Do county property tax officials have the right to enter private property for appraisal purposes? Find the answer to this question frequently asked by homeowners here!
Let us get straight to the point - Your property, your rules!
A tax assessor, who is usually a county official, can enter your property in order to complete his duties unless you explicitly deny the assessor entry. The property owner or a legal occupant can verbally object to the assessor's entry. The objection can also be in writing or be expressed through a "no trespassing" signboard attached to a private property's entry point. A tax assessor does not have the legal authority to enter private property either privately owned or legally occupied unless he has consent from you. It is unlawful for a tax assessor to remain on private property after the owner or legal occupant asks him to leave. Such actions can result in trespassing prosecution charges. However, a tax assessor is allowed free access to the public portions of commercial property for assessment purposes.
If the owner of a private property denies entry, a tax assessor must make the most accurate appraisal possible from the street. This could result in a higher appraisal value of the property. If so, the burden of proof must be borne by the property owner if the appraisal is appealed.
If you don't let a tax assessor in, they are forced to make an assumption from the street. Assumptions made about new refurbishments or expensive fixtures may result in higher tax bills. Many counties authorize assessors to assign the highest possible value to any property that doesn't allow full access.
In case your property is over assessed, and you protest your property's valuation, an assessor must enter your property to fulfil reassessment requirements. Moreover, the burden to prove that your property has been reassessed falls on you, since you never let the tax assessor in.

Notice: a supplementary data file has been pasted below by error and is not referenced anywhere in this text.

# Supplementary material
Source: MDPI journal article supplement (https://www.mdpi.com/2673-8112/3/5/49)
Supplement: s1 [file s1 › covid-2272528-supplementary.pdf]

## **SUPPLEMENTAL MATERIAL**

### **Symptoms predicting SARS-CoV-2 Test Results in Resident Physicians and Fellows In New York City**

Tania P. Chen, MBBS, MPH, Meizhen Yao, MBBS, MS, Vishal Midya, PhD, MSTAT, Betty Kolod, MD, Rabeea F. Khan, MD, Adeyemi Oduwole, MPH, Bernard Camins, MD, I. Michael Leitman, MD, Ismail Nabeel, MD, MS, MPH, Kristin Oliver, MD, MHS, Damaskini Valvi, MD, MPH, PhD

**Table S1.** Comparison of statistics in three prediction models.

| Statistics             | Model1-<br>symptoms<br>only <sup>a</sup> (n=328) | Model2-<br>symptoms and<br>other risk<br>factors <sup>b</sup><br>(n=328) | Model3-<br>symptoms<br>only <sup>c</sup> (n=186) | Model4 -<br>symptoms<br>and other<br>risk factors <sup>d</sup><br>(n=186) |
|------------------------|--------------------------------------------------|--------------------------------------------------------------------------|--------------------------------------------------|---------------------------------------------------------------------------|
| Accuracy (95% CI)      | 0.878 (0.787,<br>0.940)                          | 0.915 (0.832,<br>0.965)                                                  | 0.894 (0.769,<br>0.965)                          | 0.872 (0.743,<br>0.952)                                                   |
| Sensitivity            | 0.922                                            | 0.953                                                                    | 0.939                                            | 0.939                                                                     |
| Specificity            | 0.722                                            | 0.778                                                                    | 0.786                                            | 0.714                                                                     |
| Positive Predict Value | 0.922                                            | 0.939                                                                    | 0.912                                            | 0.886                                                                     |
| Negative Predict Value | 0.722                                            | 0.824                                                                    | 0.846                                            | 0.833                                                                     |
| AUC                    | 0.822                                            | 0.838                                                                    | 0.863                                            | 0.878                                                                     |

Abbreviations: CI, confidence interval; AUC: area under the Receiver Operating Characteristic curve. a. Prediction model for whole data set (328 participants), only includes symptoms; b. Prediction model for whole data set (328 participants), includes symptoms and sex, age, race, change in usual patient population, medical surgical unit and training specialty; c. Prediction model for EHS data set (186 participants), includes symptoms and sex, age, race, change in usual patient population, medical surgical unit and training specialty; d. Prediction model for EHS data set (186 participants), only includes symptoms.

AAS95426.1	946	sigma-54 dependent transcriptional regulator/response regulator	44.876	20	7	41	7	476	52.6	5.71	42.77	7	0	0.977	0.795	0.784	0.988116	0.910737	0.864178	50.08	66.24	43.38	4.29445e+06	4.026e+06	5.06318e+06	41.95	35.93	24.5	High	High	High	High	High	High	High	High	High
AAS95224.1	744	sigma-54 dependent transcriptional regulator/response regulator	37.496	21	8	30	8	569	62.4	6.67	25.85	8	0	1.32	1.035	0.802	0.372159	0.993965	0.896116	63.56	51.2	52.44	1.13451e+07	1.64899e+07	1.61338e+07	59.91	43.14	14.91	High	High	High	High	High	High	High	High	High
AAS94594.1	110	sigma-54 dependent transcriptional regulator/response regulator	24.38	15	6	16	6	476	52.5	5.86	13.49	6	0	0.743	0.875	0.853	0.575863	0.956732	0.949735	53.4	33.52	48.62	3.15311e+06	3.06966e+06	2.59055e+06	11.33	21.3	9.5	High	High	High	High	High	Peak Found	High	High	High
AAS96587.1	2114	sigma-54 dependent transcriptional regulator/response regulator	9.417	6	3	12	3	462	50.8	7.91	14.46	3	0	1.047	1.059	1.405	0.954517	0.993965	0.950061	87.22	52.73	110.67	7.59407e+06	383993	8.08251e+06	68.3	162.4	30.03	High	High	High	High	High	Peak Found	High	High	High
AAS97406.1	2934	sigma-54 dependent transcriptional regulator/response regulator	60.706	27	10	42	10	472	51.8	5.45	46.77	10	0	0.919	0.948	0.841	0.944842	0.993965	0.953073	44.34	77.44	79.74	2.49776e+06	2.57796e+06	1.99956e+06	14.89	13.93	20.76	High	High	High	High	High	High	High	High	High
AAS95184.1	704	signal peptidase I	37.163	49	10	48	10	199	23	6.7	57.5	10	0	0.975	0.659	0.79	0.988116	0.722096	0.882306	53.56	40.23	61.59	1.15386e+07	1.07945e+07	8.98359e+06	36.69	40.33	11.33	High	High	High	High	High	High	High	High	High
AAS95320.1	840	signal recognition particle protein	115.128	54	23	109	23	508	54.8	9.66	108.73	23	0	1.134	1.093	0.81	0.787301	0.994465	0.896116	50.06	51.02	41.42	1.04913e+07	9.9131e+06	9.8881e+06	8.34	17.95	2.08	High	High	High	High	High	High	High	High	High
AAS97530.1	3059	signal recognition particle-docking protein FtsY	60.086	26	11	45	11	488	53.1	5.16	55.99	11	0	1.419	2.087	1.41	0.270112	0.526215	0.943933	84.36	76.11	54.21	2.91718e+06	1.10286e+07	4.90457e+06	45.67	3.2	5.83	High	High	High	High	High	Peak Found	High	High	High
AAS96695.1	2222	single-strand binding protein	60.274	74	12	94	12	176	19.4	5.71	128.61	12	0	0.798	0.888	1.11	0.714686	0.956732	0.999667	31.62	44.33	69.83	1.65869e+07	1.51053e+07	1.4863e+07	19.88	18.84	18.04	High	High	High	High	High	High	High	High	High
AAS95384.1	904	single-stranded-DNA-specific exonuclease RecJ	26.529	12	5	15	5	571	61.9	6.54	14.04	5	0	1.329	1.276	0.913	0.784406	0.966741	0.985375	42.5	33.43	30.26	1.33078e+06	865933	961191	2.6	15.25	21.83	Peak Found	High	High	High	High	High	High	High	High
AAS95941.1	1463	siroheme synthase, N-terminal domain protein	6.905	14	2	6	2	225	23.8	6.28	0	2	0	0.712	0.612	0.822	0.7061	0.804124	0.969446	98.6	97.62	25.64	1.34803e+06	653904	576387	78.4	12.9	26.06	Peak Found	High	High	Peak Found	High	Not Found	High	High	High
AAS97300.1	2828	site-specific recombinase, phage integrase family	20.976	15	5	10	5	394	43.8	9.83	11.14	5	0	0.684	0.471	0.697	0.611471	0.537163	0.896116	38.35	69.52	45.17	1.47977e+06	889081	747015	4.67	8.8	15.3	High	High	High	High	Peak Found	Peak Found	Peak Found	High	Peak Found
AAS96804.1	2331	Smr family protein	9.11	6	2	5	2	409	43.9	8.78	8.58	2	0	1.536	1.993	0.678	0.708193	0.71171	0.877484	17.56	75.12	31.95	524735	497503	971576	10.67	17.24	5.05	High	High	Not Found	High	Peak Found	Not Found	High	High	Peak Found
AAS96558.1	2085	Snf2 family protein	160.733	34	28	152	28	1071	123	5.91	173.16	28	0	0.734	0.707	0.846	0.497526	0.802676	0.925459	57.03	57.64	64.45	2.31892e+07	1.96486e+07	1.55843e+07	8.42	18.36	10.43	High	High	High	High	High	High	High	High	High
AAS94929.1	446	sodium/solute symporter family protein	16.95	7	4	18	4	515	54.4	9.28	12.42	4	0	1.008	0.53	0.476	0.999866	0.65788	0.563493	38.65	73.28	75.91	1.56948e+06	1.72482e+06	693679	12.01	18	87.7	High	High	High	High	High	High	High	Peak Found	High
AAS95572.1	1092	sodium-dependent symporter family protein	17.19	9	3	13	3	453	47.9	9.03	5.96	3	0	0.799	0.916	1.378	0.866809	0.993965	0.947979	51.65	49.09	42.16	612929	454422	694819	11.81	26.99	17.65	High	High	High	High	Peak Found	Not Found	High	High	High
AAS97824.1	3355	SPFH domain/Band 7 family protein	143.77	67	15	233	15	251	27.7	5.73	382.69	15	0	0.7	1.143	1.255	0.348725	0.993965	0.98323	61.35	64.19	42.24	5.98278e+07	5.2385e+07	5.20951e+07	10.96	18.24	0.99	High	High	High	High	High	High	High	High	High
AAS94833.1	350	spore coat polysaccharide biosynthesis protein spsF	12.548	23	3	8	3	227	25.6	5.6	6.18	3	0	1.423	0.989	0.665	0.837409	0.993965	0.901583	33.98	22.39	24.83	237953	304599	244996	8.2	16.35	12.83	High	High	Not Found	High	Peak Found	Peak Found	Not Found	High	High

Letting your tax assessor in gives you an added advantage of being a part of your property assessment process. Tax assessors tend to notice things that can increase your property's value, such as a fancy curb appeal, a swimming pool, expensive fixtures, a fancy fireplace or a shiny new marble counter top. But interacting with a property owner can also bring to his notice a fading old appliance, wear and tear to the seemingly perfect swimming pool and other such small but significant details. When a tax assessor looks at the property himself, there is no scope to assume anything that could increase the property's value. Getting on a tax assessor's good side can help you by shaving dollars off your property tax bill!
You are more likely to get a higher appraisal when you don't let tax assessors in. As long as you have obtained permits for all improvements, it is no problem for the tax assessor to take a look inside.
Nope, they cannot! If you deny them permission orally when they arrive, or if you put up a "No Trespassing" sign on your property, then the assessor cannot enter your property. In such cases, they will have to make an assessment from the outside.
Yes, they can, and they do often take pictures of your house when they visit. It helps the assessor to record the proper condition of your property.
Photos of your house help your county's appraisal district to get an accurate picture of the condition and quality of your house. In addition to photos, your appraisal district may also rely on satellite/drone imagery to arrive at a fair appraised value of your house.
Texas property tax code requires that all real property be re-assessed annually by the county appraisal districts(CAD). With hundreds of thousands of real properties in a county, it is practically impossible for county appraisers to visit each and every property in the county. However, here are some situations that may trigger a visit:
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